“This is a very dynamic environment we live in and work in. If you have any imbalance in your personal life, this job will immediately identify those areas and force you to improve,” Colonel Robert Garland, Commandant of the Weapons School from 2011-2013 offers. “It is the most difficult tactical training experience we can imagine, and we make it that way for a reason.”
For example, the second Weapons School class of 2011 began with one hundred seven WUGs, but only ninety walked across the stage to receive their graduation certificates. Attrition in Weapons School hovers around fifteen percent, due largely to the breadth and depth of the training when the transition was made from Fighter Weapons School to the current curriculum and all the different specialties after 1992.
Over time, the number of academic hours required of the students in their learning environments, just to develop familiarity, proficiency, and ultimately expertise in all of the different disciplines, has increased dramatically. The program currently in place demands over 420 hours of academics. That does not take into account the syllabi hours, which includes mission planning, execution, and other specialty-related training.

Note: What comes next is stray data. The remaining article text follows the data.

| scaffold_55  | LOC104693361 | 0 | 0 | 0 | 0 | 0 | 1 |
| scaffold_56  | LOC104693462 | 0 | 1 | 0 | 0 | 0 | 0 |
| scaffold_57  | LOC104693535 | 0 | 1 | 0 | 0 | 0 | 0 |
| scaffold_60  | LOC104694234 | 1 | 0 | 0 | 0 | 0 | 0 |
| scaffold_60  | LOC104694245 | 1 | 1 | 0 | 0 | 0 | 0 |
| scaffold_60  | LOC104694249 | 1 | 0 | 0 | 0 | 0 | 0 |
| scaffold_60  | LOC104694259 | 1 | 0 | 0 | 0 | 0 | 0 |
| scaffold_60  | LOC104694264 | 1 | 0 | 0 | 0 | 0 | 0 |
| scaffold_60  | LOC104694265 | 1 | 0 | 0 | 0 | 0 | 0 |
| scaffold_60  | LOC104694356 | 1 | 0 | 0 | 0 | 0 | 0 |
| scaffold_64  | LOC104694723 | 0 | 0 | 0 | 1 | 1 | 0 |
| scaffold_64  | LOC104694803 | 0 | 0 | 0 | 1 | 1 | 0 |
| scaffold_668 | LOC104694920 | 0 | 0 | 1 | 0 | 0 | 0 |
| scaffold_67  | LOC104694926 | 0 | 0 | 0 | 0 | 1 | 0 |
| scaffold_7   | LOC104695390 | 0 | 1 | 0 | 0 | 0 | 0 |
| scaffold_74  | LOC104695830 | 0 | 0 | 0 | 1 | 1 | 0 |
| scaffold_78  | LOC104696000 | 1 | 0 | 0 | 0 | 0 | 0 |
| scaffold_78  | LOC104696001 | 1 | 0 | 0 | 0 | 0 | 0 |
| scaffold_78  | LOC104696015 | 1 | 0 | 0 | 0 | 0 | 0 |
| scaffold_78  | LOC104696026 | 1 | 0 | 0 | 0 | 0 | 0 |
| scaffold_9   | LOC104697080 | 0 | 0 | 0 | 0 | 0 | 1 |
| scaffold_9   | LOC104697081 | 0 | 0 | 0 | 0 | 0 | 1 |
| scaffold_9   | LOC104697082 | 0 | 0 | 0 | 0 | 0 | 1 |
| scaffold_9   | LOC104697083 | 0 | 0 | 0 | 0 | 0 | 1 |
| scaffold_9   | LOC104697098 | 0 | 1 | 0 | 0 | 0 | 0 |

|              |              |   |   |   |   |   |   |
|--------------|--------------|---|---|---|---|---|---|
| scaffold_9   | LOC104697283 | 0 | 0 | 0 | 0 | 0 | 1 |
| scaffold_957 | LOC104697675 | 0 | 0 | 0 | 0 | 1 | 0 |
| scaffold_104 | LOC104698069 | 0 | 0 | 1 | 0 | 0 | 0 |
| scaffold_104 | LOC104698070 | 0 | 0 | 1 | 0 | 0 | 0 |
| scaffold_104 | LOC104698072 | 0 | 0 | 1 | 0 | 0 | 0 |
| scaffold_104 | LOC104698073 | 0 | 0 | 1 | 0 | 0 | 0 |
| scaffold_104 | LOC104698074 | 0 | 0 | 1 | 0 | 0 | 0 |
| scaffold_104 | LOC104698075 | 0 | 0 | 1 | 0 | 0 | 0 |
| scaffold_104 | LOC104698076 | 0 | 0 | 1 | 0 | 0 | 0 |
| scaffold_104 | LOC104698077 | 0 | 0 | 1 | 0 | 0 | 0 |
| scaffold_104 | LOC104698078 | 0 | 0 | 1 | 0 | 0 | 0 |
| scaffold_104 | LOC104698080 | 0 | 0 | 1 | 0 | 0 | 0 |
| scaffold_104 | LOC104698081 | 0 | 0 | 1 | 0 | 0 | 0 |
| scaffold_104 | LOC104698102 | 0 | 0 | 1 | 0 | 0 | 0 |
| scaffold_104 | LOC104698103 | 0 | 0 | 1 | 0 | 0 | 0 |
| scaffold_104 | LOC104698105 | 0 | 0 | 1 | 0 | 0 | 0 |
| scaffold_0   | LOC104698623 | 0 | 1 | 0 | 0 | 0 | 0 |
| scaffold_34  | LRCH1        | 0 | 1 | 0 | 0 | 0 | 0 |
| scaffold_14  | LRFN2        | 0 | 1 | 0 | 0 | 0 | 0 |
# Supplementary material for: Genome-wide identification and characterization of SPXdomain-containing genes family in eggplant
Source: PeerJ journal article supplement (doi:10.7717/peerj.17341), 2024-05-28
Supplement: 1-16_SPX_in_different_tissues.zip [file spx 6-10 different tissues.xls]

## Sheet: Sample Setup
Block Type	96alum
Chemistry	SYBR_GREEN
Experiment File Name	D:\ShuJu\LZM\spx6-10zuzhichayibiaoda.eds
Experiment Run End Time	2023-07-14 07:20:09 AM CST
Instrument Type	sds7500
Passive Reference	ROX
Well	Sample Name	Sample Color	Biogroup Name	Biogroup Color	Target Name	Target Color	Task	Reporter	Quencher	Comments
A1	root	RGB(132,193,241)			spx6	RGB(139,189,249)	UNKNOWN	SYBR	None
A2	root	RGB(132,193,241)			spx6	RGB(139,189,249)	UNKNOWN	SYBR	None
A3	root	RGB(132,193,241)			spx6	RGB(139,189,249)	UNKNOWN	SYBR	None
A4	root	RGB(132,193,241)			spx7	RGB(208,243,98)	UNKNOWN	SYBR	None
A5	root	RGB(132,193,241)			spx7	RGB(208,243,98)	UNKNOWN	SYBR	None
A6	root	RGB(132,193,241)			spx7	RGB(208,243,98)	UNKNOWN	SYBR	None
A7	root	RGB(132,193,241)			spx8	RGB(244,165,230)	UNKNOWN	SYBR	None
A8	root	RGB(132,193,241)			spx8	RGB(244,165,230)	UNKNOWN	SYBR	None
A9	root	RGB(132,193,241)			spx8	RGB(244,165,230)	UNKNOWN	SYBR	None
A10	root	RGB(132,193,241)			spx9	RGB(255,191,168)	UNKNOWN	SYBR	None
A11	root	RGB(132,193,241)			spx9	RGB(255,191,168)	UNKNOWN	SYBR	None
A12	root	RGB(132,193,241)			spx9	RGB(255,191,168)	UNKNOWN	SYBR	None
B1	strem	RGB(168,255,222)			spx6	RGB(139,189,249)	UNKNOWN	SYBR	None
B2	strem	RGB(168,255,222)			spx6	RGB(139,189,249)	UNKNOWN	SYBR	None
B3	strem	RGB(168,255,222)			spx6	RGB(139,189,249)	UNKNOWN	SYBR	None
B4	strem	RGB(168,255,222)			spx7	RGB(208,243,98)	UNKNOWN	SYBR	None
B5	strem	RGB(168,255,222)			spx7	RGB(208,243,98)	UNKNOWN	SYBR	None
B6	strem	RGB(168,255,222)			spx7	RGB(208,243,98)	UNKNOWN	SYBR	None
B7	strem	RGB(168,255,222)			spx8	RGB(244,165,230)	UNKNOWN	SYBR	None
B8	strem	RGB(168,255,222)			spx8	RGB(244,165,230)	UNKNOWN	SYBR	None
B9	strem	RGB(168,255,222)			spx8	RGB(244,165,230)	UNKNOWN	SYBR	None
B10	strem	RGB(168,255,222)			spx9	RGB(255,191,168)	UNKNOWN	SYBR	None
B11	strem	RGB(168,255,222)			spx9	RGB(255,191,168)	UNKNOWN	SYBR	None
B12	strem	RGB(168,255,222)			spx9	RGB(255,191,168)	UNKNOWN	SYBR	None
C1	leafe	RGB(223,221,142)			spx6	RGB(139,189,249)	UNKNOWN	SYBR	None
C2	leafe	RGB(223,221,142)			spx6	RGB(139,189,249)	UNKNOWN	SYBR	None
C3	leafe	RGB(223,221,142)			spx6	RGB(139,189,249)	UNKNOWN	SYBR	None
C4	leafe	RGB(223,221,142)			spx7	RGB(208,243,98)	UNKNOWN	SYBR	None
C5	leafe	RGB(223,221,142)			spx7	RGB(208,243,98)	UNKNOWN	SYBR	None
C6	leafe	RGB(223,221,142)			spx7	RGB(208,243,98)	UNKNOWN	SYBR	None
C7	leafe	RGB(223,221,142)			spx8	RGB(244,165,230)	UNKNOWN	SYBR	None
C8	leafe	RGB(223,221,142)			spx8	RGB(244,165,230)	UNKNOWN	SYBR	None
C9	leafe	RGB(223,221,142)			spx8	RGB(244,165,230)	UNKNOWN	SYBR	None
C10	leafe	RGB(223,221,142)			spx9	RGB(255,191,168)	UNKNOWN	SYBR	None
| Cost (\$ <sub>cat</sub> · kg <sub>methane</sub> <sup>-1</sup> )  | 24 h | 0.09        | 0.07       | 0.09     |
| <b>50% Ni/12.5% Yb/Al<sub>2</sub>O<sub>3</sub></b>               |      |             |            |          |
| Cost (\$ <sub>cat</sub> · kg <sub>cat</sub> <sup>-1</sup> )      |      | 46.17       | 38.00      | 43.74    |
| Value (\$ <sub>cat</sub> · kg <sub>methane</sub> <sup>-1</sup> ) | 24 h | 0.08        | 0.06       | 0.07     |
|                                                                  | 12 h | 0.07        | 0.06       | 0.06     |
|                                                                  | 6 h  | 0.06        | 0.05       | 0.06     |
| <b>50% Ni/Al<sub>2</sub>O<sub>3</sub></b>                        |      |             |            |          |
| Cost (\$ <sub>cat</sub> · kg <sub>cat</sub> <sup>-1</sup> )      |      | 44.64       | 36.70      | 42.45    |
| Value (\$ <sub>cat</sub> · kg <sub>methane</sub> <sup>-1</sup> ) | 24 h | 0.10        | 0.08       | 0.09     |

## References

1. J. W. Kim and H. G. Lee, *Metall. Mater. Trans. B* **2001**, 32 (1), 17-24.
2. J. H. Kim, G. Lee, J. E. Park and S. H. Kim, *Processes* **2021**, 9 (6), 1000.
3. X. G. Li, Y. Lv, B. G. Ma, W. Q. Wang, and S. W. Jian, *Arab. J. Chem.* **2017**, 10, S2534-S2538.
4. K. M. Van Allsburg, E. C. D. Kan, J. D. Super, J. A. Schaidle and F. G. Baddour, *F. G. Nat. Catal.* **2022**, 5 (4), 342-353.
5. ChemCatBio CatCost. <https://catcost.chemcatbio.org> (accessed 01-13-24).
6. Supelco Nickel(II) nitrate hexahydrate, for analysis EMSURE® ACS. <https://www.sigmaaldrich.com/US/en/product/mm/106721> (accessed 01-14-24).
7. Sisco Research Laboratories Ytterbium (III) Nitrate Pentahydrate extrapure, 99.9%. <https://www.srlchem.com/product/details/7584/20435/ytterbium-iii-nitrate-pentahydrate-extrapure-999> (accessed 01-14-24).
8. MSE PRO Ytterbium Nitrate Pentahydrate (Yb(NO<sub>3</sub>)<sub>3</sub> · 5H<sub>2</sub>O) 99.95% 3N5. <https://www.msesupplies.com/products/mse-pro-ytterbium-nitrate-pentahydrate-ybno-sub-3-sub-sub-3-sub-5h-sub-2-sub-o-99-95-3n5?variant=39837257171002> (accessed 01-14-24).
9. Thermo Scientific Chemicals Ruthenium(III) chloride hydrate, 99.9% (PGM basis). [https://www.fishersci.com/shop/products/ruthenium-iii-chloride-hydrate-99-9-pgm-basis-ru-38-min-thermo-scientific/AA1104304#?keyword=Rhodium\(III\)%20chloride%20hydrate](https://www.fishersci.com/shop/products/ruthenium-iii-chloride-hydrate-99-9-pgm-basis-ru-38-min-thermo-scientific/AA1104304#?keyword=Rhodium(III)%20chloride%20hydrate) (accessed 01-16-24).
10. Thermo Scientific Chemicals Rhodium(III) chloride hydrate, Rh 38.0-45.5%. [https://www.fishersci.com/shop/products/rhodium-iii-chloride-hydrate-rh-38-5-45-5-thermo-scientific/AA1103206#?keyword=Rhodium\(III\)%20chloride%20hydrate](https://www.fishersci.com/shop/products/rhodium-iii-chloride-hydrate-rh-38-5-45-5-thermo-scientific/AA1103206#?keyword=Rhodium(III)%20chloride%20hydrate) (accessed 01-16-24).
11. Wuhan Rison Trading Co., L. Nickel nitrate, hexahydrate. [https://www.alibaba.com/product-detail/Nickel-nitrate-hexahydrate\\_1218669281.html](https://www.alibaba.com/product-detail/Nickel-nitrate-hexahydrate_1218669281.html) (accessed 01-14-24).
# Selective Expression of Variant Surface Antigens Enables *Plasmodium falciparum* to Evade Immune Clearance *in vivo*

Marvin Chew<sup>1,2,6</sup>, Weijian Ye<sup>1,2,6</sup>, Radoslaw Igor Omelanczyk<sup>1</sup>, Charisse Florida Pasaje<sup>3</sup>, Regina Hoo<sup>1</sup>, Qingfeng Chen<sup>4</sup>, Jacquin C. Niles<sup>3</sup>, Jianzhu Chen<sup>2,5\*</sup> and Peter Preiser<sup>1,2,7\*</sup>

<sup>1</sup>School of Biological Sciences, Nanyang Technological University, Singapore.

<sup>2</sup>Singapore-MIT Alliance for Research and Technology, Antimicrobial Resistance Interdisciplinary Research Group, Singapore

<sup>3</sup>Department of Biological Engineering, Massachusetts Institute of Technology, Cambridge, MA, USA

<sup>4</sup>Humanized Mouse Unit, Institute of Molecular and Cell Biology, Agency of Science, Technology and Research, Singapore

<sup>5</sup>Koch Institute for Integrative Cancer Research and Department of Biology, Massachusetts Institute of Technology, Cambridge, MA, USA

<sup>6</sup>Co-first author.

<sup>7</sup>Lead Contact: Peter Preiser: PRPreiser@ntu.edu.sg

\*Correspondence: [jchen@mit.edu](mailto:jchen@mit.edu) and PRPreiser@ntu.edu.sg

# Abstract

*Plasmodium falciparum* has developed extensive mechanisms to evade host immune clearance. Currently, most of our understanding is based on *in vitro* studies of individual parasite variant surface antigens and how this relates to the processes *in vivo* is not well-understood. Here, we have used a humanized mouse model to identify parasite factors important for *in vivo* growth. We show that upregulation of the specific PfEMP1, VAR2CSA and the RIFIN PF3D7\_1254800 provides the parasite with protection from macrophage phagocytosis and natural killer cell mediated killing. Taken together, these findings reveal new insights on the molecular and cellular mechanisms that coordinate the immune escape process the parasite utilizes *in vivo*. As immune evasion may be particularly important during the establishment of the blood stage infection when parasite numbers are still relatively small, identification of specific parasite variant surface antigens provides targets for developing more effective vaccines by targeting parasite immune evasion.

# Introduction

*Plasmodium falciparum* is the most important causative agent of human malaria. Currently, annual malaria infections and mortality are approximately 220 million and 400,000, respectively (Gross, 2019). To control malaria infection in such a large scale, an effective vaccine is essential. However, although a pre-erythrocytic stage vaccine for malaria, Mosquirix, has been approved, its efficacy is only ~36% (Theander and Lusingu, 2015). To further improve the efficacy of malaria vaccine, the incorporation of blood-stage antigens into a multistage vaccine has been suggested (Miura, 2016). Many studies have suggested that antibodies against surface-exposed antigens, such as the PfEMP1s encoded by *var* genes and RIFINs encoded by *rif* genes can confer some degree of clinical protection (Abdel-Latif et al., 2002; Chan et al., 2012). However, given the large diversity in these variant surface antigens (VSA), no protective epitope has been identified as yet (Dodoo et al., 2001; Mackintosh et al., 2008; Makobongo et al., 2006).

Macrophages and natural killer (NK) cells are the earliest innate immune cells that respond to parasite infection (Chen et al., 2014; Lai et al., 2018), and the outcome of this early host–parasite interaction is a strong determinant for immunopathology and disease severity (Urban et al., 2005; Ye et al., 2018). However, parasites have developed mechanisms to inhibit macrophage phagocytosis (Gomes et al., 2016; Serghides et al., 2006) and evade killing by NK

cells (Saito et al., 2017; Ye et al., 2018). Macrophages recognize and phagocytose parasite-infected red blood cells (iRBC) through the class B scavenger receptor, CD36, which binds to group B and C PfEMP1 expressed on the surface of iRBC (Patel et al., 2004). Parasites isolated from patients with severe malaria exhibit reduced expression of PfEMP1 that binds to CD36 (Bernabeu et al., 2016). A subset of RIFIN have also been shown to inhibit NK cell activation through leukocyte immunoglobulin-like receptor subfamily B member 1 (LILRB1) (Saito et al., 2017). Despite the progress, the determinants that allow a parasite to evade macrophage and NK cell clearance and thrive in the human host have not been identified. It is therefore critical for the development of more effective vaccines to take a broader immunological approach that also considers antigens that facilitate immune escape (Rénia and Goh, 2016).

Sometimes if a WUG fails an evolution, if a fighter student, for example, “hooks” or fails a ride, they are given the opportunity to do it again and sometimes even again, in order to progress in the course. Opportunities for additional learning, as they are referred to, are certainly not sought-after, but a pretty common occurrence based on the demands of the course.
By graduation, the new Weapons Officer is expected to know darn near everything that applies to the Air Force’s cross-domain warfighting capabilities, and possess the ability to solve any problem, under any conditions, with little to no advanced warning. Just ask the four B-1 Weapons Officers who were told to put together Operation Odyssey Dawn over Libya…and were only given four hours to do so before they had to brief the National Command Authority with their plan. No big deal, right?!
So, how is a U.S. Air Force Weapons School candidate chosen? What kind of person winds up on the career path placing them at Nellis Air Force Base for six months?
From a tactical perspective, a person needs to be a specialist in their particular discipline, regardless of what it is—F-15, C-17, ICBM, Air Battle Manager, or whatever the case may be. Not only that, but a person needs to be a seasoned instructor in their discipline in order to even be considered a candidate for Weapons School.
Determining if they possess the traits of a Weapons Officer weighs heavily into the equation, too. For example, how do they carry themselves? Do they mentor others within their unit? Are they driven to succeed and relentless in their pursuit of excellence? Are they dependable? What is their motivation? Are they truly driven to make the next generation better, or do they simply want to fill the square for a careerist agenda?
In the next part of this ongoing series about the U.S. Air Force Weapons School, we take a look at the perspective of the experience from students and instructors alike as they addressing their motivations, frustrations, and triumphs. Stay tuned!